The image below demonstrates a sample page that we would want to use for contacting the company.
With the availability of Microsoft Power Automate flows, this process can be greatly simplified. Instead of having to build backend code to connect and authenticate with the Common Data Service, we simply provide a url for the flow that we are going to connect and get the data from.
The image below shows the Power Automate flow that is used to receive data from a web page and process it in our Flow.
The flow contains a trigger for when an HTTP request is received, 2 actions for parsing the JSON from the HTTP request and creating a new record in CDS, and finally a parallel branch with two HTTP responses (configured after run) for a successful or failed response.
Let’s start with the trigger for when a HTTP request is received. The trigger does not contain any parameters or code, but is only used to provide us with the HTTP Post Url. The image below shows the trigger:
Next, we need add a Parse JSON action. We provide the Body of the HTTP request as the Content parameter, as provide the Schema (as shown below):
The next step would be to create a new record in our Common Data Service or Dynamics 365 environment. In our case, I used the Dynamics 365 environment, so this record was saved as a lead. The image below shows our Create a new record action from CDS.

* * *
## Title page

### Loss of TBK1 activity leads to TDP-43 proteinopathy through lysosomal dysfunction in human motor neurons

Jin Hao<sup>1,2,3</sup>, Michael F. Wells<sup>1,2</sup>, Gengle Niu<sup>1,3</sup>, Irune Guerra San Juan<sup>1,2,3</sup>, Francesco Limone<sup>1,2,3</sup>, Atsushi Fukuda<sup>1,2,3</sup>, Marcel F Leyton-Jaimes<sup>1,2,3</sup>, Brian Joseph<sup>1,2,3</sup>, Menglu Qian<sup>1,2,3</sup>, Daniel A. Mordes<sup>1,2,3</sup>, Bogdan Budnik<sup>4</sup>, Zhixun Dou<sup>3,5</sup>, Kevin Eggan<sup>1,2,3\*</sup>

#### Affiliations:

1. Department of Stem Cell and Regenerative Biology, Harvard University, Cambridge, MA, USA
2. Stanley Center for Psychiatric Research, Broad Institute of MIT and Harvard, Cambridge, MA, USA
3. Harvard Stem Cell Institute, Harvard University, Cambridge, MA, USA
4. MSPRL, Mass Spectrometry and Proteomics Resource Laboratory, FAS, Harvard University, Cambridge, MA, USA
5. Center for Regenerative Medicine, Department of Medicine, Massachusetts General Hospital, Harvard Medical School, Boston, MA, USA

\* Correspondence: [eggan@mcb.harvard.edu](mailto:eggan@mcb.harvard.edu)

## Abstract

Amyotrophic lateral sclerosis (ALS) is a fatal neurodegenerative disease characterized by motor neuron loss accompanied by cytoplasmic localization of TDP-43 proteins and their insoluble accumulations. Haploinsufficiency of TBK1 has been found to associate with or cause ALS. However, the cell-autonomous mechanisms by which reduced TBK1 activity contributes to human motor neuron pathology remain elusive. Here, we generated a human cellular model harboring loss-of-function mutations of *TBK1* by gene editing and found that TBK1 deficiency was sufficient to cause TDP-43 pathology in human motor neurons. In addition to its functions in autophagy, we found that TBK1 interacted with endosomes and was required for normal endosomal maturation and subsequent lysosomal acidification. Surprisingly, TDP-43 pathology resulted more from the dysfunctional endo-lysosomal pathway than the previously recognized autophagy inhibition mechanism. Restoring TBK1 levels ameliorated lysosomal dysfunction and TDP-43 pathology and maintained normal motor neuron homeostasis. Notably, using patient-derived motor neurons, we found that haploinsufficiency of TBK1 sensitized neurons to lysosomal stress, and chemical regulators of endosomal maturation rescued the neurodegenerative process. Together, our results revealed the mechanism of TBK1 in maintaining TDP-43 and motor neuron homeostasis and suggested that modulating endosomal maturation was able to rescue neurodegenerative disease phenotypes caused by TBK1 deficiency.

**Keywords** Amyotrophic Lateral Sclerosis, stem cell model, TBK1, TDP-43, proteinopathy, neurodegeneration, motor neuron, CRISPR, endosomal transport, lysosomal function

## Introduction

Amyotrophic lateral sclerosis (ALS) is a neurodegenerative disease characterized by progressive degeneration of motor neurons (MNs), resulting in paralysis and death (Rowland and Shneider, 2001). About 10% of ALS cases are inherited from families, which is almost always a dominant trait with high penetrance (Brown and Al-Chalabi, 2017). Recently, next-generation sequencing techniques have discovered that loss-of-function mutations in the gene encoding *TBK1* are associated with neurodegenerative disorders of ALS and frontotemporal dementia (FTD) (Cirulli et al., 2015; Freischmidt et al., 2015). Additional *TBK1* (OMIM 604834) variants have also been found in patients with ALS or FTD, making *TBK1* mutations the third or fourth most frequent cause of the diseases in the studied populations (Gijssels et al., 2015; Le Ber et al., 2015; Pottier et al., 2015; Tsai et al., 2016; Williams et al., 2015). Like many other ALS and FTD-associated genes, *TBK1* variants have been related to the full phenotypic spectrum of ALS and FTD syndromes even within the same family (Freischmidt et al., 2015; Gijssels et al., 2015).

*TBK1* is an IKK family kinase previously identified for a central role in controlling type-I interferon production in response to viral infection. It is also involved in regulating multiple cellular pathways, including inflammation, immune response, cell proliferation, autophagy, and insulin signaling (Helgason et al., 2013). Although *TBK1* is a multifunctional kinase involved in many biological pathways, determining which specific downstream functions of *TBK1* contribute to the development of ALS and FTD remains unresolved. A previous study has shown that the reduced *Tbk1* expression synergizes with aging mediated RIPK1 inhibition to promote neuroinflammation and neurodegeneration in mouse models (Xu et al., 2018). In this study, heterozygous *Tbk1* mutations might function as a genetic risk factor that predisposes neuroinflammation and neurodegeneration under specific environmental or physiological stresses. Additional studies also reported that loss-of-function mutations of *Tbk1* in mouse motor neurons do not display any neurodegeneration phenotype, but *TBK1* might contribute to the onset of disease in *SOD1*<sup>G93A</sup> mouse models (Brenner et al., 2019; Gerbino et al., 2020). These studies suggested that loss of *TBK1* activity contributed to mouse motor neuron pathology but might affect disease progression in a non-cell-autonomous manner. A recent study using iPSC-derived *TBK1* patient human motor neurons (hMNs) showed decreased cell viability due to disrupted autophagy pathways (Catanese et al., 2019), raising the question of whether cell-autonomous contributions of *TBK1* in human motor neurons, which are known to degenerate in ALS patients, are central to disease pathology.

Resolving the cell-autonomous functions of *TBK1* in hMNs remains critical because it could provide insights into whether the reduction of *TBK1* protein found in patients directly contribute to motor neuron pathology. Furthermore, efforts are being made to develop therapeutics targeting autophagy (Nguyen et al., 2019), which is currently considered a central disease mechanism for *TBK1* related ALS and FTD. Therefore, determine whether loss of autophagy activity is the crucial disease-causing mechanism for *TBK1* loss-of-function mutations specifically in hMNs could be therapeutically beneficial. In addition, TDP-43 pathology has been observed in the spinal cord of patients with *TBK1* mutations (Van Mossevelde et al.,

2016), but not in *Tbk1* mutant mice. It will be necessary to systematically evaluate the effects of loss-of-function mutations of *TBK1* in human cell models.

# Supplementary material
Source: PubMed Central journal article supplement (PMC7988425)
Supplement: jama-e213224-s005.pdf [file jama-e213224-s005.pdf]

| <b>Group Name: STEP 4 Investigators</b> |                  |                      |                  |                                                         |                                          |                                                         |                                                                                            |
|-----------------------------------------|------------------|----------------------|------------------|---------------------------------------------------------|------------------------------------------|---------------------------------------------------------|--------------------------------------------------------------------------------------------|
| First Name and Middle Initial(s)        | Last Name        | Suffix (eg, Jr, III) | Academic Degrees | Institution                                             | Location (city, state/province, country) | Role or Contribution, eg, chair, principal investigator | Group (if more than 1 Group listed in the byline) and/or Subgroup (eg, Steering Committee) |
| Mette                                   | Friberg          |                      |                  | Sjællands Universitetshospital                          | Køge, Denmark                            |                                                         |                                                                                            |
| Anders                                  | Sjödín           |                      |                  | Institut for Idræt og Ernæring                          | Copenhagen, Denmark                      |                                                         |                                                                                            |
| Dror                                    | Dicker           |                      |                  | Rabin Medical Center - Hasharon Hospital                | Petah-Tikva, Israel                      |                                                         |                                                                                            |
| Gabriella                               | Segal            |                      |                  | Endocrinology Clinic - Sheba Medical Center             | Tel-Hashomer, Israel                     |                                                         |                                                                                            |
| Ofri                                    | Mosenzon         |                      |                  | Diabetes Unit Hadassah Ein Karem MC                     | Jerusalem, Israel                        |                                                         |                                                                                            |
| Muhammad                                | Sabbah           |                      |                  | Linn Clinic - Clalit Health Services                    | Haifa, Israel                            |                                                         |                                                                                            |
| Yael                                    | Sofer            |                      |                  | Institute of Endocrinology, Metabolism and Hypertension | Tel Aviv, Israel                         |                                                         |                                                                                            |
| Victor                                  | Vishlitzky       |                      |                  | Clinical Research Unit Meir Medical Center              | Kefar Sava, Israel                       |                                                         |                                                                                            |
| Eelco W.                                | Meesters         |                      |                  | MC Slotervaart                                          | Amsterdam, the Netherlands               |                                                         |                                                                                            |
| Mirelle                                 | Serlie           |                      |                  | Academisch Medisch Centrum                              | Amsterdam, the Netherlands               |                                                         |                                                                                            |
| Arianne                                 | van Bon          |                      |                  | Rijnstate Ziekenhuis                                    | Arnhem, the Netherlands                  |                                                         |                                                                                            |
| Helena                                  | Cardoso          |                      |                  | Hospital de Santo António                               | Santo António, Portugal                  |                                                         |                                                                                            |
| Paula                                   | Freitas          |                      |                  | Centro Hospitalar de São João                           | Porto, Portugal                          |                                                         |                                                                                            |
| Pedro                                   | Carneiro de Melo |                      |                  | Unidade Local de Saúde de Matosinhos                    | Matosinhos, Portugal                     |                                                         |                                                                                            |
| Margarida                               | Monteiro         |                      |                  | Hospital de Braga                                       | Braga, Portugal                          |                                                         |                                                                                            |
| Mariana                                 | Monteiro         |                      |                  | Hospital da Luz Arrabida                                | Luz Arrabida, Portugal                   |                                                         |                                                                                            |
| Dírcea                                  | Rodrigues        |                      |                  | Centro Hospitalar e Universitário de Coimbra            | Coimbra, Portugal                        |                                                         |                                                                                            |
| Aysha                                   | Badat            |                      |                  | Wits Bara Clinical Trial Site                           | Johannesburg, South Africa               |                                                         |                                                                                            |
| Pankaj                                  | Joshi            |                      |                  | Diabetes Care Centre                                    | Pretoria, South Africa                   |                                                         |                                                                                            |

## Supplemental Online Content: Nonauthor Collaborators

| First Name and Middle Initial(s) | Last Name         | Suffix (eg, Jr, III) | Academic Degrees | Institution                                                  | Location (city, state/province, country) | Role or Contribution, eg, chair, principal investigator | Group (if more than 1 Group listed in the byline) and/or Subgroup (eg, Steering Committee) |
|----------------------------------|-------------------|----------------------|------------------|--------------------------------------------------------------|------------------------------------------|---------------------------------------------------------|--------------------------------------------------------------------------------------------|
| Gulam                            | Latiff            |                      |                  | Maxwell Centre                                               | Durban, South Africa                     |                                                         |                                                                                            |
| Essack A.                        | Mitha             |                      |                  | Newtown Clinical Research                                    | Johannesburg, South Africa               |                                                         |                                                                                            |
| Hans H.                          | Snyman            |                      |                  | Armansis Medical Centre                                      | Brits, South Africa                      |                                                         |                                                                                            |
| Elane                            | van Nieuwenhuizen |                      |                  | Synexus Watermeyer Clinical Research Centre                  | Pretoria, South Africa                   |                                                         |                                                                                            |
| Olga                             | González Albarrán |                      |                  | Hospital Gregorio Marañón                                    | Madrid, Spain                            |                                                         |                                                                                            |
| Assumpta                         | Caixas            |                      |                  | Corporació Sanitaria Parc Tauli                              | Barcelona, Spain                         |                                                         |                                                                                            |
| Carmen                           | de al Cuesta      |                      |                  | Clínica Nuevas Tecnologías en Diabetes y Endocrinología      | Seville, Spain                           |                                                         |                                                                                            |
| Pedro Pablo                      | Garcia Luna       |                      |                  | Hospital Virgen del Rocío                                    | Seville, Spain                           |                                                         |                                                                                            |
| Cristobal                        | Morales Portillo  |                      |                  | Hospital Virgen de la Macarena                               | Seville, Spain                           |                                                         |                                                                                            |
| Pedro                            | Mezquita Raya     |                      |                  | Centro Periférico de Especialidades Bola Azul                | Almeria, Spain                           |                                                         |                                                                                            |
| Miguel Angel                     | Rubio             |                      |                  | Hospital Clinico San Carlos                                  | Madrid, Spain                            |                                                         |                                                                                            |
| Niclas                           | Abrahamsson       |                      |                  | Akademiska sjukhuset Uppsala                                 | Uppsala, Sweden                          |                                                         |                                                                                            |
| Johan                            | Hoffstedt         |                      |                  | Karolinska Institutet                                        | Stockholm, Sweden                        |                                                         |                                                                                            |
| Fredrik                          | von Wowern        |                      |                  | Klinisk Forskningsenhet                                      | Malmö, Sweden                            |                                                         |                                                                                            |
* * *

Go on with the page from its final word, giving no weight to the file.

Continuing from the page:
Once we created a new record, when want to provide a response to the calling application whether this was successful or not. We do this by adding a parallel branch that will contain a Successful Response and a Failed Response.
For the response failure, we set it to run after the Create a new record action when the action has failed, is skipped or has timed out, and for the successful response we set it to run after the Create a new record action when the action is successful, as shown below:
Within the HTTP Responses, we provide the status code (200), a header if required and the Body of the message. The image below shows the Responses back to the application.
Once the flow is published, you can create a new record on the web page, and see the flow being executed record being created in CDS.
The source code for the Web application is available in Github. The same source code will be available for a future post which is being used for using Azure functions.